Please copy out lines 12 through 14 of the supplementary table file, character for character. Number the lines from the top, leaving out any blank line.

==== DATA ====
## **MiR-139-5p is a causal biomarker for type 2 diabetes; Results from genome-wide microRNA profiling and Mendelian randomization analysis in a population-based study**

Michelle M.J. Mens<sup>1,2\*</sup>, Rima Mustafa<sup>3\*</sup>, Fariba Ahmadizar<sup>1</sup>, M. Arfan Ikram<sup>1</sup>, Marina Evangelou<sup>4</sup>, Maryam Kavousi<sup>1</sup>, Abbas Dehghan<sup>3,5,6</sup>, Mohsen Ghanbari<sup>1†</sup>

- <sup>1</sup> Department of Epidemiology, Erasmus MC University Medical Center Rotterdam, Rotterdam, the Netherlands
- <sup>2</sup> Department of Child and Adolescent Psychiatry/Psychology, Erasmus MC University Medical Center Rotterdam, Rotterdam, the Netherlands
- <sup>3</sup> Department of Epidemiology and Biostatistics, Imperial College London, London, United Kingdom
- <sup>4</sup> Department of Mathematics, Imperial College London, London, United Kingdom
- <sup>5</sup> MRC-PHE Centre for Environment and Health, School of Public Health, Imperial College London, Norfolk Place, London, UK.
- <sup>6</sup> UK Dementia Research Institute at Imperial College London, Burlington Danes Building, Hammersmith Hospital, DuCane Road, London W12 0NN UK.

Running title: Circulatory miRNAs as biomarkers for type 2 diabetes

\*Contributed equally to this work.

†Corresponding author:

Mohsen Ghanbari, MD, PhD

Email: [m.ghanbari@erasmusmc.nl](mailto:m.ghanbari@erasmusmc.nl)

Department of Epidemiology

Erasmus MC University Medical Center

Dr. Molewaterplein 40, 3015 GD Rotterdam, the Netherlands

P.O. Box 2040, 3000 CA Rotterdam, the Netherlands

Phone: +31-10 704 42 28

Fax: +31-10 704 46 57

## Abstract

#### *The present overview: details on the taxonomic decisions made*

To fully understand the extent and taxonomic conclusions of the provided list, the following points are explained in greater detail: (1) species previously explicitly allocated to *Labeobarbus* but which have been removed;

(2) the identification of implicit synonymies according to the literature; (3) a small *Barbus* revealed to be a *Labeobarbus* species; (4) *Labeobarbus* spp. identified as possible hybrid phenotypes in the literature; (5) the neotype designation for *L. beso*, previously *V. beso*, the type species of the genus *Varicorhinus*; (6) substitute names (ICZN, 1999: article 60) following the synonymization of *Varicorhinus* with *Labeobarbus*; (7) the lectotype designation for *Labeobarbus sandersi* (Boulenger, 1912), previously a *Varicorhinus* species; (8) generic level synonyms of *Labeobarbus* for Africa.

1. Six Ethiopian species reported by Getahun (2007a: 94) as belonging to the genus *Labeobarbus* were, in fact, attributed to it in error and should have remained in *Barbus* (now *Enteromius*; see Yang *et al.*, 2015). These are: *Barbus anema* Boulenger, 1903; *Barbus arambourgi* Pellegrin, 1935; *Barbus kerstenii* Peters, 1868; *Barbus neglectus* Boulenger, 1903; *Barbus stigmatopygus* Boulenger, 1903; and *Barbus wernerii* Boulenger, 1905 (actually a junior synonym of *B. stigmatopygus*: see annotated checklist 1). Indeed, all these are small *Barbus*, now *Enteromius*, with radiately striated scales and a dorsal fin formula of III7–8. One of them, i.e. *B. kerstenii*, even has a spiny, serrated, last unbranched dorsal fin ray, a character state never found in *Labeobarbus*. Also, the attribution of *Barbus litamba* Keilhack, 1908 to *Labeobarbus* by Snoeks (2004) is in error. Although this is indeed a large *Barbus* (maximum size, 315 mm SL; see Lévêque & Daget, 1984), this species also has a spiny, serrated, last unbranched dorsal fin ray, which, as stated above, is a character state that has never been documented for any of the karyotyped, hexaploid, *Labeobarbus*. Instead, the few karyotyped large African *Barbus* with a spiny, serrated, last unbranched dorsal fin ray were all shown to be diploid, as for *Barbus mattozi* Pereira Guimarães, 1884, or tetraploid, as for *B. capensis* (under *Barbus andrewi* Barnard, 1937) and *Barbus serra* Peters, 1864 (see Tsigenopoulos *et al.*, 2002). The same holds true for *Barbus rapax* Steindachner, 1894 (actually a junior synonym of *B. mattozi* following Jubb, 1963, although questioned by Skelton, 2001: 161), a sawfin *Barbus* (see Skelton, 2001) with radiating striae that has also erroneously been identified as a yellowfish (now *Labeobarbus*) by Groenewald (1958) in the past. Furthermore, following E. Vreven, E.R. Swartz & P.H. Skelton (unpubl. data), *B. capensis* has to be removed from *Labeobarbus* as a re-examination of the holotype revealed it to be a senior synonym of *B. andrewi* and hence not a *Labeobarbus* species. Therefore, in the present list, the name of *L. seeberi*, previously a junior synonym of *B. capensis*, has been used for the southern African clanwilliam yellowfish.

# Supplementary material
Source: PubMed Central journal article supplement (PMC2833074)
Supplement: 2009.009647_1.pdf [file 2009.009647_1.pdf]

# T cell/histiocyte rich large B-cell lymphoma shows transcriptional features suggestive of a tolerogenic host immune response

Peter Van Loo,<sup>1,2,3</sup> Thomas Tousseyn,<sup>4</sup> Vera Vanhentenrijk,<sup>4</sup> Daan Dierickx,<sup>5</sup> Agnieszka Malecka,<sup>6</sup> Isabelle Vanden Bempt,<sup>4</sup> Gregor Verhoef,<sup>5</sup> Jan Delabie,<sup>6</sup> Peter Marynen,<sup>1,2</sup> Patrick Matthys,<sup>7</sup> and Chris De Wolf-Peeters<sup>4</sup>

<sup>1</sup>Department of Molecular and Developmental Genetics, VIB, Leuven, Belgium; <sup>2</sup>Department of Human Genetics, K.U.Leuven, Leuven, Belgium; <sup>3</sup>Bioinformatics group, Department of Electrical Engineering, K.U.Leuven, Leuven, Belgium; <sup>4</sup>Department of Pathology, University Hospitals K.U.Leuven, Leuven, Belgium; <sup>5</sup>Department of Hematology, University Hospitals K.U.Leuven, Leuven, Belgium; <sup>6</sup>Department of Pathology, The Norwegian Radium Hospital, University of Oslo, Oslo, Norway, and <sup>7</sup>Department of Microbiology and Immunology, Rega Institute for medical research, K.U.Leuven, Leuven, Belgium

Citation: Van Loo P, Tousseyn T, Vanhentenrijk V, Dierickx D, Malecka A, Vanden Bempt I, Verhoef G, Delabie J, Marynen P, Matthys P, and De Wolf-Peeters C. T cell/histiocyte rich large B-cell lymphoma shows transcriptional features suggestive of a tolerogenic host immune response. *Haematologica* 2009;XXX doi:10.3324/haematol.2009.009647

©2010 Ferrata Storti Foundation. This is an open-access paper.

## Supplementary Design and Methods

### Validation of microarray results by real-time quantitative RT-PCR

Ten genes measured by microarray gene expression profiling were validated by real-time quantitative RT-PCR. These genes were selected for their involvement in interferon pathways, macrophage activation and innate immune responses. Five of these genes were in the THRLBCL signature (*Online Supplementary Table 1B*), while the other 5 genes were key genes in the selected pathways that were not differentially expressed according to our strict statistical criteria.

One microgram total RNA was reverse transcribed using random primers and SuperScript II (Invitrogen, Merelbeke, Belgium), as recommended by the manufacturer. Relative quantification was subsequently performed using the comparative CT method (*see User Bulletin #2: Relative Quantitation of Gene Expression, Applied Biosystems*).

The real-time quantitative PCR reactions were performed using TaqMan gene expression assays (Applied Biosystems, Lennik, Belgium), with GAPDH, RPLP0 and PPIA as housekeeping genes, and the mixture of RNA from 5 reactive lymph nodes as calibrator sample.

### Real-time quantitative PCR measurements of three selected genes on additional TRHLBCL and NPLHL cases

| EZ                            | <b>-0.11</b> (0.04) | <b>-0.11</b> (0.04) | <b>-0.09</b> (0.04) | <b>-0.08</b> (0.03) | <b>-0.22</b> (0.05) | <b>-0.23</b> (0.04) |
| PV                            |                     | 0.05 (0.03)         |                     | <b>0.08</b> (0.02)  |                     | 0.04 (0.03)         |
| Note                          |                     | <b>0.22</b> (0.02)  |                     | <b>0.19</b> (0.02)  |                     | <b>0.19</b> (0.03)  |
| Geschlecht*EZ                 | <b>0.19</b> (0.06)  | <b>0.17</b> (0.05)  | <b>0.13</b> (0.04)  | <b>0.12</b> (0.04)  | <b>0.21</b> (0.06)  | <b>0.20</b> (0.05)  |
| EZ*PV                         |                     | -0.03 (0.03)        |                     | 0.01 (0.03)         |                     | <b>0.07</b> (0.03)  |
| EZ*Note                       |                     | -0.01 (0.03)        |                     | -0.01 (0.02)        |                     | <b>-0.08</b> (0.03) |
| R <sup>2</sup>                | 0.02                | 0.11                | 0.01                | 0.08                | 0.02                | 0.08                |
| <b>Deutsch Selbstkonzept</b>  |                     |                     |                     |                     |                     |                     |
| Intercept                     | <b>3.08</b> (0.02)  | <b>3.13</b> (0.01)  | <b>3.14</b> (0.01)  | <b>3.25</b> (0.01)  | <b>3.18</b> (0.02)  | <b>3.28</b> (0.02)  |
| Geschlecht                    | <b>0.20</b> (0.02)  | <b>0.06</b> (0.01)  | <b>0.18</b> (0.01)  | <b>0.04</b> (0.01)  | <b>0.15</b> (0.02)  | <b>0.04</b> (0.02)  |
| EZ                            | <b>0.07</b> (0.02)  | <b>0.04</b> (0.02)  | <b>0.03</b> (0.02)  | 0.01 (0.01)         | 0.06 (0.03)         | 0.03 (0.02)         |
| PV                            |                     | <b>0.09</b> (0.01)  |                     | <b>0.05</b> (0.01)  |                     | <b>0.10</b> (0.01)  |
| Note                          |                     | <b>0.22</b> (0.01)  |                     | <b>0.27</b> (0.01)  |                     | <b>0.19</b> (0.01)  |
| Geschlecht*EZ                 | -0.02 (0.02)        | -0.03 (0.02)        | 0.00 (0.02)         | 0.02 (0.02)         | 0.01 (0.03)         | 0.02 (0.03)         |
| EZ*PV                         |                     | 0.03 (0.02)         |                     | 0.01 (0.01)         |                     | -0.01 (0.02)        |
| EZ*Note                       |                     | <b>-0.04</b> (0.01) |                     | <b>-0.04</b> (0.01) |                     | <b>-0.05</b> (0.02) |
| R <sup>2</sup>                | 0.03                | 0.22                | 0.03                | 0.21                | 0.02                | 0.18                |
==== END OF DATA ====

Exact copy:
Mohsen Ghanbari, MD, PhD

Email: [m.ghanbari@erasmusmc.nl](mailto:m.ghanbari@erasmusmc.nl)

Department of Epidemiology